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Published on
Dec 18, 2007
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Pages
400
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ISBN
9780307414946
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Language
English
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Genres
Fiction / Jewish
Fiction / Literary
Fiction / Sagas
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Content Protection
This content is DRM protected.
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Eligible for Family Library

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A true believer is faced with a choice between love for his family and the Cuban Revolution.

"Daring, tough, and deeply compassionate, Achy Obejas's Ruins is a breathtaker. Obejas writes like an angel, which is to say: gloriously . . . one of the Cuba's most important writers."
—Junot Diaz, Winner of the Pulitzer Prize for Fiction

"In the Havana of Ruins, scarcity can only be fought with ingenuity, and the characters work very hard at the exquisite art of getting by. The plot rests on the schemes of its weary, obsessive, dreamy hero—a character so brilliantly drawn that he can't be dismissed or forgotten. A tender and wildly accurate portrait, in a gem of a novel."
—Joan Silber, author of The Size of the World

"Obejas evinces a new, focused lyricism as she penetrates to the very heart of the Cuban paradox in a story as pared down and intense as its narrator's life."
—Booklist (*starred review*)

"Compassionate and intriguing . . . Obejas plays out [the book's] conflicts in measured, simple prose, allowing her descriptions of the mundane—houses, food, dominoes—to illuminate a setting filled with heartbreak, confusion and decay . . . At her best, Obejas controls the mixture of humor and pathos that suffuse this poor community."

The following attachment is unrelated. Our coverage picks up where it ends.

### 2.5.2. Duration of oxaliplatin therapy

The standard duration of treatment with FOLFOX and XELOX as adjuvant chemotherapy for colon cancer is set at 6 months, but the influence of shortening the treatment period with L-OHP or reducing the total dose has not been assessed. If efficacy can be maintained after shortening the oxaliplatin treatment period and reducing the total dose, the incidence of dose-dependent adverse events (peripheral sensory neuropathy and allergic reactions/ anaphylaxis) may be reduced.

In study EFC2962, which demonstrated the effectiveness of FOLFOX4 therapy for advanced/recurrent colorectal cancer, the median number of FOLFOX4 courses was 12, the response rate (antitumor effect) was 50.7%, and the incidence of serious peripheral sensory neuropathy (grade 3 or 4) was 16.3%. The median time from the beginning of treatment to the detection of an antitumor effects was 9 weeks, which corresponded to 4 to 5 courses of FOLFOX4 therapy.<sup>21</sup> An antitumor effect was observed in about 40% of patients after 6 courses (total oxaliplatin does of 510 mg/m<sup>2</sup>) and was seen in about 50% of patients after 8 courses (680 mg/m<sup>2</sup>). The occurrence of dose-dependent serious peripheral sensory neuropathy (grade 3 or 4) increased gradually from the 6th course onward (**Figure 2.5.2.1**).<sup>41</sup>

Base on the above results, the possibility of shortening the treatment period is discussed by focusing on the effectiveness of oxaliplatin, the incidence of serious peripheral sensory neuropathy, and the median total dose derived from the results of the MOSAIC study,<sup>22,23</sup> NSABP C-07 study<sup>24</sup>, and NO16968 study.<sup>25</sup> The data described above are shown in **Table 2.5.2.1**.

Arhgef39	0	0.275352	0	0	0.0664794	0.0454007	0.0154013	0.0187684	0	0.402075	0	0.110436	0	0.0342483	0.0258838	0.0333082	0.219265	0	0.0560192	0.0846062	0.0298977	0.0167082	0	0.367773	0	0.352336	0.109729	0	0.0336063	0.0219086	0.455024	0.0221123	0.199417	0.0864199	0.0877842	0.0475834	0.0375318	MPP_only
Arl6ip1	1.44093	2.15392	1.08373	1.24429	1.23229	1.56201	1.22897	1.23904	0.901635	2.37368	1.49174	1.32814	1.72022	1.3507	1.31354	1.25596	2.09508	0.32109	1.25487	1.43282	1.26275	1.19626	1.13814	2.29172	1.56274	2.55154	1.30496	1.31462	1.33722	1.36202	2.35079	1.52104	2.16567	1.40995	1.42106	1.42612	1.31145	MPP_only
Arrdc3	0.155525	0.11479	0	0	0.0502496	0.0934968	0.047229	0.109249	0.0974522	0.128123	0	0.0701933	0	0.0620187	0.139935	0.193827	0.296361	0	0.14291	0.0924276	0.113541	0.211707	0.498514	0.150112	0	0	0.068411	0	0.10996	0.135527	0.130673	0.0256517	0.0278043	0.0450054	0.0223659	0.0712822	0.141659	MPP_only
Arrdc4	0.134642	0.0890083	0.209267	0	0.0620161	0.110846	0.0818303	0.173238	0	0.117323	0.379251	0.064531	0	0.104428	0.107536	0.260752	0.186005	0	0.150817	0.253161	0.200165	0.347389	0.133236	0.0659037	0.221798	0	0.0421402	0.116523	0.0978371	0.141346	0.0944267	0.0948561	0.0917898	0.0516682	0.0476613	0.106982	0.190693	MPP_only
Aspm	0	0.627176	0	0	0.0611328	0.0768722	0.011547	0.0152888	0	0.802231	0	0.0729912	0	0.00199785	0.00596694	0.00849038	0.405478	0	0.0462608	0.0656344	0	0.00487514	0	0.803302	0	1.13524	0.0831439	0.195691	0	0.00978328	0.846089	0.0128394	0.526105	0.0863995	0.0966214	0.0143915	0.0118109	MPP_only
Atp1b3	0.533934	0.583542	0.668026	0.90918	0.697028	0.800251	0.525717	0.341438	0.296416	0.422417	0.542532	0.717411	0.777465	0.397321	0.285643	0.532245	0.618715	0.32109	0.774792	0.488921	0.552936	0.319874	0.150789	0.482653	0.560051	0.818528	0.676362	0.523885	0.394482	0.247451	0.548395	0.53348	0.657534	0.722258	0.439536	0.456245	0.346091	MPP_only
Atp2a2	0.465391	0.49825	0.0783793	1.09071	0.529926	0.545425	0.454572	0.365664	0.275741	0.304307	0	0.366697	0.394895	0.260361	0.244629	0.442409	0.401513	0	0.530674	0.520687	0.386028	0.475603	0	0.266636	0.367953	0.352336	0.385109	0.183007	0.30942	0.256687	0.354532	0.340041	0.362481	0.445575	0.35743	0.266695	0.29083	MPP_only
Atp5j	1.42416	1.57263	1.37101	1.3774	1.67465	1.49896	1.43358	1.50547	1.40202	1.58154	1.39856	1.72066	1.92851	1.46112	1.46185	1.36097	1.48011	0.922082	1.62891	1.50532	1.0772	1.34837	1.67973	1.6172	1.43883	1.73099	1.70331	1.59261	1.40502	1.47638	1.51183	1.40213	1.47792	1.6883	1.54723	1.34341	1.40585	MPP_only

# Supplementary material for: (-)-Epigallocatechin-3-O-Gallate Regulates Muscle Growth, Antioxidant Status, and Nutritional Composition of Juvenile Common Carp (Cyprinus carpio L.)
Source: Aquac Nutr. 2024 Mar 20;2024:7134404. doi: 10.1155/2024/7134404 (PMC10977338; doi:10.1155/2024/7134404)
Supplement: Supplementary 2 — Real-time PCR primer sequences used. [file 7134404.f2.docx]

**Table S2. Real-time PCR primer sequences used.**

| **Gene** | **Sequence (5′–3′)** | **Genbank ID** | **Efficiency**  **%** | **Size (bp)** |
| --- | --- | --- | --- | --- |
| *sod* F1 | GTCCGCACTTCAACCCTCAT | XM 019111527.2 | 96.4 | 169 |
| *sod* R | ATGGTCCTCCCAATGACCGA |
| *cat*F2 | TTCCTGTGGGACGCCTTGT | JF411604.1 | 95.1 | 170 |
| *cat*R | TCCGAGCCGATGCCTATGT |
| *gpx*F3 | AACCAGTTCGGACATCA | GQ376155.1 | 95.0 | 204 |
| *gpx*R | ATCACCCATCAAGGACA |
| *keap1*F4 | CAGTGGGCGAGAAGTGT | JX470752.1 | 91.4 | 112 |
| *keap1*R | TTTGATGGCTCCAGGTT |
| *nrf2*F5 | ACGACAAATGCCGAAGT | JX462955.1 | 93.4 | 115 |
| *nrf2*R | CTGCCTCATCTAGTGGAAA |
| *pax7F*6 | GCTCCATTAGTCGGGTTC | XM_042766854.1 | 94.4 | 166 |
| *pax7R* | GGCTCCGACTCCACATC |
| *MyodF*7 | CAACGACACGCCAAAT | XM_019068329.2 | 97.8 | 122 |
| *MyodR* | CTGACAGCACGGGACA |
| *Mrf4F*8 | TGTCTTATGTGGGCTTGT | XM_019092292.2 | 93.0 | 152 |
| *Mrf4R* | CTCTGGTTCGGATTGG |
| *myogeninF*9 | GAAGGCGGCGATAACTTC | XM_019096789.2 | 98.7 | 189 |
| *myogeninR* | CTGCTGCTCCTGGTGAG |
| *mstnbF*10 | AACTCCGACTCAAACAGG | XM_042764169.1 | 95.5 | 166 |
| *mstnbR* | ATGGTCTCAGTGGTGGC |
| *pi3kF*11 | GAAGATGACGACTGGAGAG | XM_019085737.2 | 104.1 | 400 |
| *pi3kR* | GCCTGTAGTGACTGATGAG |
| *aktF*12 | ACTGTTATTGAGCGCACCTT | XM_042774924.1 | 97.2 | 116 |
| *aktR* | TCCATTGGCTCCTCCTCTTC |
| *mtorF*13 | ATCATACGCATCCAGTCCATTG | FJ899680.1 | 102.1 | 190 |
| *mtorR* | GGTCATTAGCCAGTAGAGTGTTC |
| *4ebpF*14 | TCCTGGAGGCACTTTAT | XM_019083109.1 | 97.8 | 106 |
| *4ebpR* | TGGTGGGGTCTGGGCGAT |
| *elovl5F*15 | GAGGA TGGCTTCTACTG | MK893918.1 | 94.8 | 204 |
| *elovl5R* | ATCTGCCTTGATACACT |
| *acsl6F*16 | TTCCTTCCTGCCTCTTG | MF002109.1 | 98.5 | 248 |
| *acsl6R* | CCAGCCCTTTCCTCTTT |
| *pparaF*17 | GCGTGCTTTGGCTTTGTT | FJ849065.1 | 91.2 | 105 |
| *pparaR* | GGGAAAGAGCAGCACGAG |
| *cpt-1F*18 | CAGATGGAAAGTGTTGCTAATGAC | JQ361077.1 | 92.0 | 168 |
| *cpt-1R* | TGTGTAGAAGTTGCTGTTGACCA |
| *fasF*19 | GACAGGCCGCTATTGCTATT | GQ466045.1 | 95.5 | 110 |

—Los Angeles Times

"Ruins is a beautifully written novel, a moving testament to the human spirit of an unlikely hero who remains unbroken even as the world collapses around him . . . A fine literary achievement, it's Achy Obejas at her very best."
—El Paso Times

"[A] superb novel . . . Highly recommended."
—Library Journal

"[An] honest and superbly written book."
—Miami Herald

"With the deft and evocative detail of a poet's, Obejas's prose is as illuminating and honest as her struggling protagonist."
—Publishers Weekly

Usnavy has always been a true believer. When the Cuban Revolution triumphed in 1959, he was just a young man and eagerly signed on for all of its promises. But as the years have passed, the sacrifices have outweighed the glories and he's become increasingly isolated in his revolutionary zeal. His friends openly mock him, his wife dreams of owning a car totally outside their reach, and his beloved fourteen-year-old daughter haunts the coast of Havana, staring north.